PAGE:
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  1. #1
    Senior Member skyclad's Avatar
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    favorite thread injector

    Have you got a favorite sewing ma . . . I mean, thread injector for your projects? Mine's not working worth a crap and I'm shopping for another one. I gather the older, all metal machines are more durable/reliable and that's a worthwhile consideration. Which features are necessary and which are not? Zig-zagging, button holing, zipper footing? Your input is appreciated.

    sky

  2. #2
    Ramblinrev's Avatar
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    oops. If someone still has my original post paste it up. I did a stupid.
    Last edited by Ramblinrev; 09-27-2010 at 07:59.
    I may be slow... But I sure am gimpy.

    "Bless you child, when you set out to thread a needle don't hold the thread still and fetch the needle up to it; hold the needle still and poke the thread at it; that's the way a woman most always does, but a man always does t'other way."
    Mrs. Loftus to Huck Finn

    We Don't Sew... We Make Gear! video series

    Important thread injector guidelines especially for Newbies

    Bobbin Tension - A Personal Viewpoint

  3. #3
    New Member mrsvickers's Avatar
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    I've used a Viking for the last ten years. Before that had an old Singer Touch N Sew. I like basic machines: straight stitch, zig zag, buttonhole, zipperfoot. No computerized machines. The less bells and whistles the less that can go wrong.

  4. #4
    Senior Member nacra533's Avatar
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    Take in look in my gallery. I like all of them for gear making.

    My current favorite is the Bernina 217N - 8. It does straight and up to 8 mm zig zag. No special buttonhole function other than the normal zig zag / satin stitch. It's how button holes were made for years. It's got a 3450 motor on it which gives about 5500spm, which is too fast for that machine. It should have a 1725rpm motor by spec and be 2800spm. I just reduced the drive pulley to 50mm to get it slowed down to where it should be.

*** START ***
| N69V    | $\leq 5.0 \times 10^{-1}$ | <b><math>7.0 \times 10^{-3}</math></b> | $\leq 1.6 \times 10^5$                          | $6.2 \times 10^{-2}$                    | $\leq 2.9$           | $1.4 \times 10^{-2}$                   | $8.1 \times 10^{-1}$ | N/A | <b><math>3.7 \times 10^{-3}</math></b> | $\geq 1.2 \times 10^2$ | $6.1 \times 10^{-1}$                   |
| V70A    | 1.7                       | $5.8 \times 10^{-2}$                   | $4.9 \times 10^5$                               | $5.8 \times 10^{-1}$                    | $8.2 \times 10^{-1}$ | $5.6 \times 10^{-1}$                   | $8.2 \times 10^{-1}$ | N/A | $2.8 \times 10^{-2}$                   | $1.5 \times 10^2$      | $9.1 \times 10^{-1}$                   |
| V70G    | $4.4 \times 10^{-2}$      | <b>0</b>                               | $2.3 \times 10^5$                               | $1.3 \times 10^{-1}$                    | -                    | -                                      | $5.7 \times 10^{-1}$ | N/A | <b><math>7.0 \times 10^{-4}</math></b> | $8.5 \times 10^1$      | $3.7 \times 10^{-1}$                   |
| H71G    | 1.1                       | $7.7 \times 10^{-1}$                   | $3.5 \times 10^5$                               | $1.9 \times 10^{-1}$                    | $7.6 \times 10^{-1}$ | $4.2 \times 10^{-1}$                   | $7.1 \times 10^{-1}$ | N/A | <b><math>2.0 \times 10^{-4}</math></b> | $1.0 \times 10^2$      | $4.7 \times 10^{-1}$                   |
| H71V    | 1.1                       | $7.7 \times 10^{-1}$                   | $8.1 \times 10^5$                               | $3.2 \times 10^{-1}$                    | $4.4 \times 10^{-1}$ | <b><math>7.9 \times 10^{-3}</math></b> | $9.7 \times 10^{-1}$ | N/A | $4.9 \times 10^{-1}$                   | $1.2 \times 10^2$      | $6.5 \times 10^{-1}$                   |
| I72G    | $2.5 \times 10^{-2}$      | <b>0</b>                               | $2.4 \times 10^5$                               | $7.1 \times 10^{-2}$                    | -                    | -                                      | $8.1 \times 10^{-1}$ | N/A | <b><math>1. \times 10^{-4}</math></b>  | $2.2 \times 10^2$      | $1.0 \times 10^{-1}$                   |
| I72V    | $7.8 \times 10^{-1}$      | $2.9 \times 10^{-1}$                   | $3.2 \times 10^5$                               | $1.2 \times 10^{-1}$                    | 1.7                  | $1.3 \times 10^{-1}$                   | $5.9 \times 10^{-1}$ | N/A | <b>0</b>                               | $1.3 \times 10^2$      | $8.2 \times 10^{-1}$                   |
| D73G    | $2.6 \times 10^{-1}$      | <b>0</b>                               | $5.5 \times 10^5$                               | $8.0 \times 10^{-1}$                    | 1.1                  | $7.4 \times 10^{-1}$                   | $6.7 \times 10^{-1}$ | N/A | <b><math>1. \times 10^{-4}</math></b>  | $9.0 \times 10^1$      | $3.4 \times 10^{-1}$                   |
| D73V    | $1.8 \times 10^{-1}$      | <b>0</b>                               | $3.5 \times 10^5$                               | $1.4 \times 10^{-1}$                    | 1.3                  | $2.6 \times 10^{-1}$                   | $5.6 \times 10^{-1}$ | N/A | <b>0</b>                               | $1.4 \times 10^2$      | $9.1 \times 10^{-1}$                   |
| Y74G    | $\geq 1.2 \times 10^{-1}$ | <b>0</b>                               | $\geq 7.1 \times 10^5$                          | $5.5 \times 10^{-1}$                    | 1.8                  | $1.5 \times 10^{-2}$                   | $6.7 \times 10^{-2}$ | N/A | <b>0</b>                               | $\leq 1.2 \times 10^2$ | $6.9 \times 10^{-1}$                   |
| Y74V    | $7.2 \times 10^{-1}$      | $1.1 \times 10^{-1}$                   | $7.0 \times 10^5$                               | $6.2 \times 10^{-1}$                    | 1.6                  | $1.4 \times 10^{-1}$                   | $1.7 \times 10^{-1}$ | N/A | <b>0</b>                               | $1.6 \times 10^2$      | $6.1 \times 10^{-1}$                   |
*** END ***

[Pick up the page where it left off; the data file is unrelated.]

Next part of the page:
I can add a cam reader, puller, and tons of other things to the Bernina, but haven't had the need to spend that money yet.

    The Singer 20U is a good machine as well.

    Anything that all metal should be a good machine and last as long as you.

  5. #5
    creativeKayt's Avatar
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    I love my Bernina 1008. It does everything I want/need it to, but doesn't have all dat'dare new-fangled technology, like internet connections to get the latest embroidery patterns. I just don't need that. I just need the basics. It does have the buttonhole function, which has actually come in quite handy for me, but you don't need it to make button holes. You can use a tight zig-zag, if ya know what you're doing.

  6. #6
    Ramblinrev's Avatar
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    The only absolute requirement is a straight stitch. There are workarounds for everything else. IMO the brand of a used machine is less important than the quality and condition. Check my "guidelines" post in my signature. It might be helpful.
    I may be slow... But I sure am gimpy.

    "Bless you child, when you set out to thread a needle don't hold the thread still and fetch the needle up to it; hold the needle still and poke the thread at it; that's the way a woman most always does, but a man always does t'other way."
    Mrs. Loftus to Huck Finn

    We Don't Sew... We Make Gear! video series

    Important thread injector guidelines especially for Newbies

    Bobbin Tension - A Personal Viewpoint

  7. #7
    Senior Member pedro's Avatar
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    Amen to the Rev.
    "Interesting! No, wait, the other thing.....tedious!"- Bender Bending Rodriques

  8. #8
    SmokeBait's Avatar
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    I've only used Singer and Kenmore (which were fine) up to my recent purchase of a Janome. It is a low end model but amazes me every time I use it. I'd buy another in a heartbeat.

  9. #9
    Senior Member skyclad's Avatar
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    Thanks to all who responded. I agree with the basic-is-best philosophy. Fewer fancy features means there's less that can go wrong, and I don't need that stuff anyways. I just purchased a Necchi BU Nora this week. It's bright green and built like a brick you know what. I'm looking forward to many projects with it.

    sky

    What is the masculine counterpart of a seamstress . . . seamster?
    Attached Images Attached Images
    Last edited by skyclad; 09-30-2010 at 21:21.

  10. #10
    Walking Dead's Avatar
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    Quote Originally Posted by skyclad View Post
    Thanks to all who responded. I agree with the basic-is-best philosophy. Fewer fancy features means there's less that can go wrong, and I don't need that stuff anyways. I just purchased a Necchi BU Nora this week. It's bright green and built like a brick you know what. I'm looking forward to many projects with it.

    sky

    What is the masculine counterpart of a seamstress . . . seamster?
    properly it's a tailor but maybe better would be a gearist?

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